Apollo Global Management has predicted that it will benefit from a rise in interest rates as the global economy recovers, underlining the scale of its move away from its private equity roots.
The company, which is in the throes of merging with its insurance affiliate Athene Holding, reported a record quarterly profit for the first three months of 2021 as rising equity markets lifted private equity valuations by 22 per cent since December.
Yet some analysts have warned that inflationary pressures created by a resurgent US economy could take the shine off the industry’s performance, especially if rising interest rates drag down equity markets while creating more attractive places for investors to put their cash.
“We’re preparing for, but not predicting, higher rates to come,” said the firm’s co-president, Scott Kleinman, pointing to opportunities that could be thrown up by any tightening in credit markets. “We believe that higher rates are a net positive for Athene and Apollo.”
The $29bn merger with Athene, announced in March, comes after Athene grew to become Apollo’s biggest client, accounting for about two-fifths of the company’s $461bn asset pile.
Athene could be among the beneficiaries of any tightening by the US Federal Reserve, said Apollo chief executive Marc Rowan, who in January was designated successor to founder Leon Black.
“We have an investment portfolio that has a decent amount of floaters in it on the Athene balance sheet,” he said, referring to variable-rate loans that generate more income for the insurance company as interest rates rise. “Higher rates can also help in pricing of new business.”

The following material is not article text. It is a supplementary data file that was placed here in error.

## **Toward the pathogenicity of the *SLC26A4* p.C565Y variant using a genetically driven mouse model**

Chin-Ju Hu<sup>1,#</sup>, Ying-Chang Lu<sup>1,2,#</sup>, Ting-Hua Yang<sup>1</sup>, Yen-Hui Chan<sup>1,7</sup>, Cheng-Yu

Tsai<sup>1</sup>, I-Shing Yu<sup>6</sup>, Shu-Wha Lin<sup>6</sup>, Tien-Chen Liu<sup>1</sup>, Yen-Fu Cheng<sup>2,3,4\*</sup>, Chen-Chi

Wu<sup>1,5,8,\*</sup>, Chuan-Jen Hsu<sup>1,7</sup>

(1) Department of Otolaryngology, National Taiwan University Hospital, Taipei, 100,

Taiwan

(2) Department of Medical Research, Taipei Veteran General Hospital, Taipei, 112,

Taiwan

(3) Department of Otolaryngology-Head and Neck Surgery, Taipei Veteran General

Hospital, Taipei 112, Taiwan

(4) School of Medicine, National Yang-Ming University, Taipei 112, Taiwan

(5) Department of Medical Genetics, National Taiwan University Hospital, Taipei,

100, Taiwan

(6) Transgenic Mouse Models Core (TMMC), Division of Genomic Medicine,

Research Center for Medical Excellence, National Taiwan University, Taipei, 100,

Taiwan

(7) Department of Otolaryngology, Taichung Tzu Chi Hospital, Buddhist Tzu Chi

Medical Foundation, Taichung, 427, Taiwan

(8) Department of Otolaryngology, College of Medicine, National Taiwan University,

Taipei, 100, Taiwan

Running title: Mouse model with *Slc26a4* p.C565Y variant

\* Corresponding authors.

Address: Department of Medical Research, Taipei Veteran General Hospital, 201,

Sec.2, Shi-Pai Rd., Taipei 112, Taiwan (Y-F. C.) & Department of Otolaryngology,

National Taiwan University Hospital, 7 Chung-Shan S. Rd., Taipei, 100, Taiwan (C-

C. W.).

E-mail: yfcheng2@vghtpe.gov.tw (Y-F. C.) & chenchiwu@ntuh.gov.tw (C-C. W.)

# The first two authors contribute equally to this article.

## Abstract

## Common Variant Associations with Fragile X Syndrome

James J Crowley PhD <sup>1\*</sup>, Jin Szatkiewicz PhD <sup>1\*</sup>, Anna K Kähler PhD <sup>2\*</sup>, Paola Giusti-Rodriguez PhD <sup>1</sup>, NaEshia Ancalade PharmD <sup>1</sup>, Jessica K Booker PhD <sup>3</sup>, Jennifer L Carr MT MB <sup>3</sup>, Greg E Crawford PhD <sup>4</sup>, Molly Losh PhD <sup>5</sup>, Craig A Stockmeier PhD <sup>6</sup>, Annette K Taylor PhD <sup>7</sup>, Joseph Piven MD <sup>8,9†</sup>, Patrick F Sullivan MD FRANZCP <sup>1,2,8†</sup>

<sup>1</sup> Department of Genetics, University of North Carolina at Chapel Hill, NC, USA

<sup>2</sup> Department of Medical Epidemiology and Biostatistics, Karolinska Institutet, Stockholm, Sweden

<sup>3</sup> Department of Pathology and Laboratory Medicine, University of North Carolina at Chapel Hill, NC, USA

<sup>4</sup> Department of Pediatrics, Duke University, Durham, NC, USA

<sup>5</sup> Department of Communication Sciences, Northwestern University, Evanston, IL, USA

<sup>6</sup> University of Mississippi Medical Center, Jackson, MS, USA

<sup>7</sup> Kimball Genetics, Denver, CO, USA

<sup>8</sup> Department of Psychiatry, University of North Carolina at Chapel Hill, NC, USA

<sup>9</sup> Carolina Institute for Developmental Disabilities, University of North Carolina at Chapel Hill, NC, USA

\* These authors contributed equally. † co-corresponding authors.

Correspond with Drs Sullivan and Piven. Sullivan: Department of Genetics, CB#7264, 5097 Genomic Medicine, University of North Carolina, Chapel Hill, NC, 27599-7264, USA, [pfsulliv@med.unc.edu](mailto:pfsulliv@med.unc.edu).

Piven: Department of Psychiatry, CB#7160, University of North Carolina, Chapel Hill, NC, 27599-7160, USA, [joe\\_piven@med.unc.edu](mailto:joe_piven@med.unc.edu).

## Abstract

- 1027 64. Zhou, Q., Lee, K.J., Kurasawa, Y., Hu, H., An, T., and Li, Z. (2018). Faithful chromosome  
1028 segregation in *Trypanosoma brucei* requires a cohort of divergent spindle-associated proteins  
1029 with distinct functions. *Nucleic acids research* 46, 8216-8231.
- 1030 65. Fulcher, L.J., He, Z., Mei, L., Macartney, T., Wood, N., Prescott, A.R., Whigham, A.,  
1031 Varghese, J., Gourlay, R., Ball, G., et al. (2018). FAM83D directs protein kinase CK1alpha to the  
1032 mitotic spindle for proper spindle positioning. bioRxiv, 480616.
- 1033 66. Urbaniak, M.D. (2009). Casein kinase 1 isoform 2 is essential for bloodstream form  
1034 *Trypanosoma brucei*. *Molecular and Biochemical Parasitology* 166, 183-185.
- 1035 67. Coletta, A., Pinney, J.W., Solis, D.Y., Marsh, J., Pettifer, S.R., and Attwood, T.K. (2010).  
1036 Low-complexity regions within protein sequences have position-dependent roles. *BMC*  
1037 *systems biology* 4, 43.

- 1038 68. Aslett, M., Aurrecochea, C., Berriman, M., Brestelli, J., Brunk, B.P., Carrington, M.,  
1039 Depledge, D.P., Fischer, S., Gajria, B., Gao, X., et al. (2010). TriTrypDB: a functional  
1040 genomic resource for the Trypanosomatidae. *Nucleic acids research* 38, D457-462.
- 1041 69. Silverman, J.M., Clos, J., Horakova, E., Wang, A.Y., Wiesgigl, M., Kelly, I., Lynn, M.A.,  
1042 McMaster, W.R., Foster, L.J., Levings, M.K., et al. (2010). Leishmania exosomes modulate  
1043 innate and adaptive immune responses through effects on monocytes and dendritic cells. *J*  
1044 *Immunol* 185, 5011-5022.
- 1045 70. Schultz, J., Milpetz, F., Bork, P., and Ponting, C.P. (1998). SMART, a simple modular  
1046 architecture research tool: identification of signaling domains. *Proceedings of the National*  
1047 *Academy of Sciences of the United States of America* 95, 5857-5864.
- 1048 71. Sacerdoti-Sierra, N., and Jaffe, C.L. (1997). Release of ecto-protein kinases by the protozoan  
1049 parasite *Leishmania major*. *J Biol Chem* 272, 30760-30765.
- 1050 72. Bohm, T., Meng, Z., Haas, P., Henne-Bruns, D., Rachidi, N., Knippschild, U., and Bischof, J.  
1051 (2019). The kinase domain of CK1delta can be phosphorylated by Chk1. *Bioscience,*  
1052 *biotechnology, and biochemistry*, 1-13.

In the first quarter, however, it was that private equity division that propelled the investment group to a record quarterly profit of $1.5bn. “The first quarter was incredibly strong for Apollo,” Rowan added.
Like rivals Blackstone and KKR, Apollo has had the benefit of rising markets to erase the severe paper losses inflicted a year ago when coronavirus spread across the world and governments first shut economies down.
Apollo’s private equity investments were worth 67 per cent more at the end of March than at their nadir a year earlier. At that time, markets had fallen so far that the company calculated that if its portfolio were liquidated its staff would have to give back $390m in performance-related pay.
The merger with Athene follows Black’s resignation as chair and chief executive following the disclosure that he had paid $158m to Jeffrey Epstein, the late financier charged with sex trafficking, for professional and financial advice over a five-year period.
Under the deal, Apollo will shed a complex governance structure that gave Rowan, Black and their fellow co-founder Joshua Harris enormous sway.
Rowan has said he hopes the move will pave the way for his company’s inclusion in a wider range of stock market indices, unlocking demand for its shares from passive funds that have largely been prohibited from investing because of the unusual governance arrangements.
Apollo has also been adding independent directors to its board, including chair Jay Clayton, who until December was in charge of the US Securities and Exchange Commission.